The company currently plans to restructure financially and keep their commitments to consumers, vendors, suppliers, and staff. The manufacturer will stay open, and has selected a “stalking horse bidder” of Sciens Capital Management, LLC for their assets and liabilities and will keep Colt’s current management team.

Though their consumer confidence and their ability to meet consumer manufacturing demands is fragile, there is optimism that the restructuring of the company will help the company keep their production and financial commitments.

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Supreme court rejects second lien stripping

In an unanimous decision by the Supreme Court of the United States, a decision was passed down that prevents a debtor in a Chapter 7 bankruptcy proceeding from voiding a junior mortgage (or second mortgage) if the debt on a senior (or first) mortgage exceeds the current value of the home or collateral. This is in effect when the claim by the creditor is secured with a lien and allowed in the code.

This means that the junior mortgage is not considered an “unsecured” loan, and will not be permitted to be discharged in a bankruptcy proceeding. This will primarily benefit commercial lenders, and will allow junior lien holders to collect on loans in the event that a debtor files for bankruptcy.

In its decision, the court ruled for Bank of America against two debtors – Edelmiro Toledo-Cardona and David Caulkett – who wanted to pay off their junior loans out of the money borrowed in second loans. The ruling by the Supreme Court reverses a 2014 decision that would allow the stripping off of the second mortgages where the first mortgage is under-secured at the time of the bankruptcy. The lien holders argued that the 2014 decision would allow debtors to void certain liens on their homes.

Judge Clarence Thomas wrote that this interpretation on the code would be difficult to apply to the framework of bankruptcy, given the fluctuating state of the real-estate markets. Justice Thomas writes, “Given the constantly shifting value of real property, this reading could lead to arbitrary results.”

Tension Between First and Second Mortgage Holders

While voiding a junior lien can make it easier for a primary mortgage holder to sell a property it can be a great economic worry for junior lien holders. A decision against the second mortgage holder could inflate the prices of credit across much of the economy.

With many housing markets on the upswing after the doldrums of the 2008 slump, houses need only appreciate a few thousand dollars for many second mortgages to be in the money. Simply discharging those loans would make it more difficult for future consumers to acquire second mortgages, as they would be considered too high a risk for lenders to take.

What This Means For Future Bankruptcy Cases

If you declare bankruptcy and have a senior and junior loan, and you declare bankruptcy, you may not be able to discharge a second mortgage, even if the collateral is not worth the amount left on the loan. You may only prevail if the lien holder is not secured according to the rules of the court, since in that case, the value of the lien to the bank would be zero.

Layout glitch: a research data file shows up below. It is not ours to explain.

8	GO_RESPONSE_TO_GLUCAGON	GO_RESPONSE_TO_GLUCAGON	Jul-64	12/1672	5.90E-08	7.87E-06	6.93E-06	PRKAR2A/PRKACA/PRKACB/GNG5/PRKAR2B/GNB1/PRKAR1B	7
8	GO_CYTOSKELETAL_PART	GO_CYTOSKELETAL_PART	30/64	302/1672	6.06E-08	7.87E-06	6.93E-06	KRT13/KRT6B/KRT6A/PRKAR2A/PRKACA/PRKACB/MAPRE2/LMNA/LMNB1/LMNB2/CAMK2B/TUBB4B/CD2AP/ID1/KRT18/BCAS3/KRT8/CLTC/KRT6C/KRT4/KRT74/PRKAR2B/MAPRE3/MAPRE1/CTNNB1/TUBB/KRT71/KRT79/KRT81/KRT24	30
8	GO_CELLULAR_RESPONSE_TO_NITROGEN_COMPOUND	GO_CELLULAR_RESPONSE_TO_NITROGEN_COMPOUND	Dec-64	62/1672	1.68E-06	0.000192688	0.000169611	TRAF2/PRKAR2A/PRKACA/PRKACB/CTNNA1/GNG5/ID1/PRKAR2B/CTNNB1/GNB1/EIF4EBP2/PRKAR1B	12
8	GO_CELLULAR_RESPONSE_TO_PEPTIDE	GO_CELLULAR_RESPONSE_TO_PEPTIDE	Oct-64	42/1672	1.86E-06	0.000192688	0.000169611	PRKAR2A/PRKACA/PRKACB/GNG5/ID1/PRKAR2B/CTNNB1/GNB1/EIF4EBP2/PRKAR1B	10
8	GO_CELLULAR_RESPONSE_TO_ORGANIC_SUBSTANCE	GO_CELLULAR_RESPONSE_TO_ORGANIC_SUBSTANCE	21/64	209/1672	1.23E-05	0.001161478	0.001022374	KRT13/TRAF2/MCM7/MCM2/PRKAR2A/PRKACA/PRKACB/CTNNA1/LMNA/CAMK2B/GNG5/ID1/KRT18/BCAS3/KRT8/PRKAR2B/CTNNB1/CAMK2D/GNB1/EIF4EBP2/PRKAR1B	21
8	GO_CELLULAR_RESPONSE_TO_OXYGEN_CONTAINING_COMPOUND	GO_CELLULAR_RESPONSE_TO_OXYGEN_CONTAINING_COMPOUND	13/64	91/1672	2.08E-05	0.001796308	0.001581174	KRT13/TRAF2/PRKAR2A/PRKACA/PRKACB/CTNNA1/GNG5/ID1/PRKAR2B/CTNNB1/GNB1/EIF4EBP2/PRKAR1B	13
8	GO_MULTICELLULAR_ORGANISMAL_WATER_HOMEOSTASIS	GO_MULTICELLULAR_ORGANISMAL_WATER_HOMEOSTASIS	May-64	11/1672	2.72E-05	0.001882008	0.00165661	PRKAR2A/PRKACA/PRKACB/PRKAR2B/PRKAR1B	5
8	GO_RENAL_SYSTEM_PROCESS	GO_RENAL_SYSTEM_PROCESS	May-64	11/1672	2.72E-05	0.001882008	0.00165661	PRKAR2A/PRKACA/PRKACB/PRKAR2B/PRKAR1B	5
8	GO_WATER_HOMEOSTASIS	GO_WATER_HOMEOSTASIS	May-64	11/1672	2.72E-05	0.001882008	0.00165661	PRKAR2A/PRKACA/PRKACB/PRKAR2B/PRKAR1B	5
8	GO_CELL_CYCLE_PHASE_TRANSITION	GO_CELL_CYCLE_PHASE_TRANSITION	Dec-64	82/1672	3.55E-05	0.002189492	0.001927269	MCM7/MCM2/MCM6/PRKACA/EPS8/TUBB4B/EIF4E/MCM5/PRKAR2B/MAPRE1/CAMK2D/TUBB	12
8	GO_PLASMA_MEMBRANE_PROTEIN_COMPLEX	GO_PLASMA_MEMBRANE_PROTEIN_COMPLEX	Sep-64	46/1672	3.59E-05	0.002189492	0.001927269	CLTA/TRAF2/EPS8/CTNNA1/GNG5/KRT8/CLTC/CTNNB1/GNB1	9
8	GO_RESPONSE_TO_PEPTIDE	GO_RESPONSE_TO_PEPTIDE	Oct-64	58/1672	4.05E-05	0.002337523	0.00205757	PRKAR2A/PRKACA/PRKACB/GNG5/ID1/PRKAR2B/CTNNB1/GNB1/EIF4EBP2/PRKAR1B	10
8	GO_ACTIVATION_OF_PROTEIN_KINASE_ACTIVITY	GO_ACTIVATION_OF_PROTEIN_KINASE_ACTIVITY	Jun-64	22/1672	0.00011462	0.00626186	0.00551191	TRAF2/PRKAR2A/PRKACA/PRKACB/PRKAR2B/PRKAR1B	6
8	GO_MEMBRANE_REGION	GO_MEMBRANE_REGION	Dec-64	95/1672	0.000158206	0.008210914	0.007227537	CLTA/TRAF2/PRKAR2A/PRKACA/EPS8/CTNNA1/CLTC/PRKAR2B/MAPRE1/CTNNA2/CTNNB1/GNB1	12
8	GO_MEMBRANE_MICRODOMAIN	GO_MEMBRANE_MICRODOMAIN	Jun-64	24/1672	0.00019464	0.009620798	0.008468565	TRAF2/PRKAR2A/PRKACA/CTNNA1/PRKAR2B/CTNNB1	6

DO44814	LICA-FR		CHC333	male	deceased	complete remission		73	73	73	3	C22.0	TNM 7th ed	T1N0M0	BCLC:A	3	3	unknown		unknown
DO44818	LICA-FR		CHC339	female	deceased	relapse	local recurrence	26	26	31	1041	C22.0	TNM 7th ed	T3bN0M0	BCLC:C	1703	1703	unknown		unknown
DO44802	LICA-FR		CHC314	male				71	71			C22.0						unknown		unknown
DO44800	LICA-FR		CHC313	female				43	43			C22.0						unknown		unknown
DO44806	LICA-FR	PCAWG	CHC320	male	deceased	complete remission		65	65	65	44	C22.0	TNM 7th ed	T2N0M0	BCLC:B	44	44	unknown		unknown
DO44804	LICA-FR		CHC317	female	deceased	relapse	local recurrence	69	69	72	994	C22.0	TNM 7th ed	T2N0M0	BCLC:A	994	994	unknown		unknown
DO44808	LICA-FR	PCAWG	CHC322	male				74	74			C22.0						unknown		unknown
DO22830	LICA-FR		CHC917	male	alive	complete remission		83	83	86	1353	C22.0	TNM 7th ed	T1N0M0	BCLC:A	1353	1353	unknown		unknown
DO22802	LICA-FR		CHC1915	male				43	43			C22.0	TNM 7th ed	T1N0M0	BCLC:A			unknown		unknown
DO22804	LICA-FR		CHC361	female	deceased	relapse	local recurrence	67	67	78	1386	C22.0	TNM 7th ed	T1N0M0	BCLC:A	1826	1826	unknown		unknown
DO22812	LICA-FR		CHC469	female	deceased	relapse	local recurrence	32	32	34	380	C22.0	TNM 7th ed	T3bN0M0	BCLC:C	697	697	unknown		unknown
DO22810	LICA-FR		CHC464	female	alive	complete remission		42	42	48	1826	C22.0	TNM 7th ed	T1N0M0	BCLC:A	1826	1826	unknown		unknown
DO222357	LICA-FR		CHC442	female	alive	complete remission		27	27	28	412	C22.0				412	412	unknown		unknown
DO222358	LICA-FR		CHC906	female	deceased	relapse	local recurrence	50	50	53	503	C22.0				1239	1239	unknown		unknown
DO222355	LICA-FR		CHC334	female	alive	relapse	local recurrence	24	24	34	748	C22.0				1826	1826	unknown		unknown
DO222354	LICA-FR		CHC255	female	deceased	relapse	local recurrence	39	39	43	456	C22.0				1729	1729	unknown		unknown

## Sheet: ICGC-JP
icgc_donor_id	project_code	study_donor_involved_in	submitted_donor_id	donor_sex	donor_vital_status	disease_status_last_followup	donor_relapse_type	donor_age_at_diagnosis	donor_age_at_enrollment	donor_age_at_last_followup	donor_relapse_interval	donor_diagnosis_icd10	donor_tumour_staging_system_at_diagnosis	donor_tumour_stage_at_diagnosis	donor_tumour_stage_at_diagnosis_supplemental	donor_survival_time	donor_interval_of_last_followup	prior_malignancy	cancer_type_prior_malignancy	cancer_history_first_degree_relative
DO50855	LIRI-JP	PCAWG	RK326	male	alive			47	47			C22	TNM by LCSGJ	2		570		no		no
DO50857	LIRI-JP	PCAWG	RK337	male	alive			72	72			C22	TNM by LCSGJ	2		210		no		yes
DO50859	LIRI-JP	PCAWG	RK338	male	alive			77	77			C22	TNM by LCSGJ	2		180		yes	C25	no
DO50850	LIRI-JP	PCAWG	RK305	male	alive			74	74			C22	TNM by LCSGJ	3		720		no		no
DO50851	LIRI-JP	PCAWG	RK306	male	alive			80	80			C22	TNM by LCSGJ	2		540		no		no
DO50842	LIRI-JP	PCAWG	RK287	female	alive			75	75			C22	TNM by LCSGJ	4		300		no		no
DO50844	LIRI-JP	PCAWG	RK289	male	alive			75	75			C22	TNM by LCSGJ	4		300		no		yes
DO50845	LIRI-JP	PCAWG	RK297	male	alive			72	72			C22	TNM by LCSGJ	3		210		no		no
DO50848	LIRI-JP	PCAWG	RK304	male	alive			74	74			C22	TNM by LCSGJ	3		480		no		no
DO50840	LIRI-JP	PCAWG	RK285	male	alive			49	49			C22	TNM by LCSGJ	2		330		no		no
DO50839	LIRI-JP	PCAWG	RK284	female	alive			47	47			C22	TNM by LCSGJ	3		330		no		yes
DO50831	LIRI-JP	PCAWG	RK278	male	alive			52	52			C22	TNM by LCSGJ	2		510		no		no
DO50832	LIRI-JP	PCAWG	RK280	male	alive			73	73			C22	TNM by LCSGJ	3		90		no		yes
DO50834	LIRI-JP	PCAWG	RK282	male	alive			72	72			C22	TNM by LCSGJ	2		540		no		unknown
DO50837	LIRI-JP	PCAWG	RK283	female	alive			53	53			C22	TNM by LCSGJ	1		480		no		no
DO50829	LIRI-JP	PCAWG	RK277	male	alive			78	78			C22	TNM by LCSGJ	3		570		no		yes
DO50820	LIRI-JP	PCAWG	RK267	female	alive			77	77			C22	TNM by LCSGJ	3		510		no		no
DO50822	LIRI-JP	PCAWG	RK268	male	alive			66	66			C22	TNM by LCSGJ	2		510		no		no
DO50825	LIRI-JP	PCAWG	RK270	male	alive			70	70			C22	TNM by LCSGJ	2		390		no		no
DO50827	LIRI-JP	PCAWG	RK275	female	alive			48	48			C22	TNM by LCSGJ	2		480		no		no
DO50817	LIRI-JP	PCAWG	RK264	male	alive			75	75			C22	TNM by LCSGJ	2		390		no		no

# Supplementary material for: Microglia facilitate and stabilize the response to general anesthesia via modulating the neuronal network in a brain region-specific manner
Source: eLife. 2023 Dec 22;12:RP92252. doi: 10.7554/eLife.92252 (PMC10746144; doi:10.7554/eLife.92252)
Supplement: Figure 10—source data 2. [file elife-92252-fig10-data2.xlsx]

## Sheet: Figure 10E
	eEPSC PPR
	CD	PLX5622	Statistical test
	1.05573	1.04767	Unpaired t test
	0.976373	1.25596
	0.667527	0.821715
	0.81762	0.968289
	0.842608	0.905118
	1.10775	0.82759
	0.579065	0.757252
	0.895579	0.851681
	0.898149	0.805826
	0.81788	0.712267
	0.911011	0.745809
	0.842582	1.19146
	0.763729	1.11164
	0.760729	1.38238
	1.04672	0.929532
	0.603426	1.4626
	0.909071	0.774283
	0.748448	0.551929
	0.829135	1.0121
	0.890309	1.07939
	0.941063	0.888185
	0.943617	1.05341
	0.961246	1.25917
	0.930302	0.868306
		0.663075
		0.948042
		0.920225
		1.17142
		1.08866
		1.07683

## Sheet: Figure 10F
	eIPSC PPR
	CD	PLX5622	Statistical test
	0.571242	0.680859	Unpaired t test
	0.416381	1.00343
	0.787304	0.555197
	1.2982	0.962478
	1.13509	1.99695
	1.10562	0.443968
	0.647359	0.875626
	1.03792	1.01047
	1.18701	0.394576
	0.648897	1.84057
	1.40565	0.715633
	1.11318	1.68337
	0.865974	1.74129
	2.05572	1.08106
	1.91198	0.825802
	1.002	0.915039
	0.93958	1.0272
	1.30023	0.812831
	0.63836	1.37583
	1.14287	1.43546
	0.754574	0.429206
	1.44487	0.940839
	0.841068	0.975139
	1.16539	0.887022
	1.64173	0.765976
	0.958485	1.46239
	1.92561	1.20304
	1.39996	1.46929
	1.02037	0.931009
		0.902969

However, in most junior or second mortgages, the loans are secured and cannot be stripped or made void in a bankruptcy proceeding.

This only seems to be in effect for Chapter 7 proceedings as it has been stated that this ruling does not effect Chapter 13 bankruptcies.

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The Fine Line Between Success and Bankruptcy

The beginning of any new startup company is an optimistic time. After the fundraising, vision-creating, and product building, any founder or team member would hope that things would go smoothly from then on. However this is not always the case.

The “patient stage” is a trying time in many startup businesses, requiring a great deal of patience and perseverance to get through. This is what that often looks like: Perhaps after fundraising and a few product delays, a product gets put into the market…and doesn’t do very well. Maybe it performs marginally, or maybe it’s just a flat-out disappointment.

Even if the development team knows what needs to be fixed, and does so, it might still not be “good enough.” This process can repeat again and again, and frustrations can run high as they run through team members and new hires to fix whatever the problem is.

Whether the issue is a product, a business model, or a marketing channel, how you deal with the “patient stage” will determine if your company thrives or fails.

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Supreme Court Ruling – The Decision-Making Power of Bankruptcy Judges

In May of 2015, the U.S. Supreme Court ruled that bankruptcy judges have the power of final judgments in certain legal disputes that arise from bankruptcy proceedings. This will boost the power of the Bankruptcy Court system.

A Question of Authority

This decision concerned an appellate court decision in the case of Wellness International Network Ltd. vs. Sharif, where it was decided that the bankruptcy court did not have the authority to decide if certain property remained with the bankruptcy estate, since the dispute involved state laws as well.

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Too Poor To File For Bankruptcy?

In the past, people who were struggling financially had the option of filing for bankruptcy under Chapter 7. While this option still exists, the increased costs of filing for bankruptcy has effectively removed this option from truly poor people, a new study has found.

A New Study

A study by The Federal Reserve Bank of New York (“Insolvency after the 2005 Bankruptcy Reform”, by economists Stefania Albanesi of the New York Fed and Jaromir Nosal of Columbia University) has found that the Bankruptcy Abuse Prevention and Consumer Protection Act of 2005, originally passed to keep people out of bankruptcy court, has raised the cost of filing for bankruptcy significantly. This has prevented the people who need it most from filing.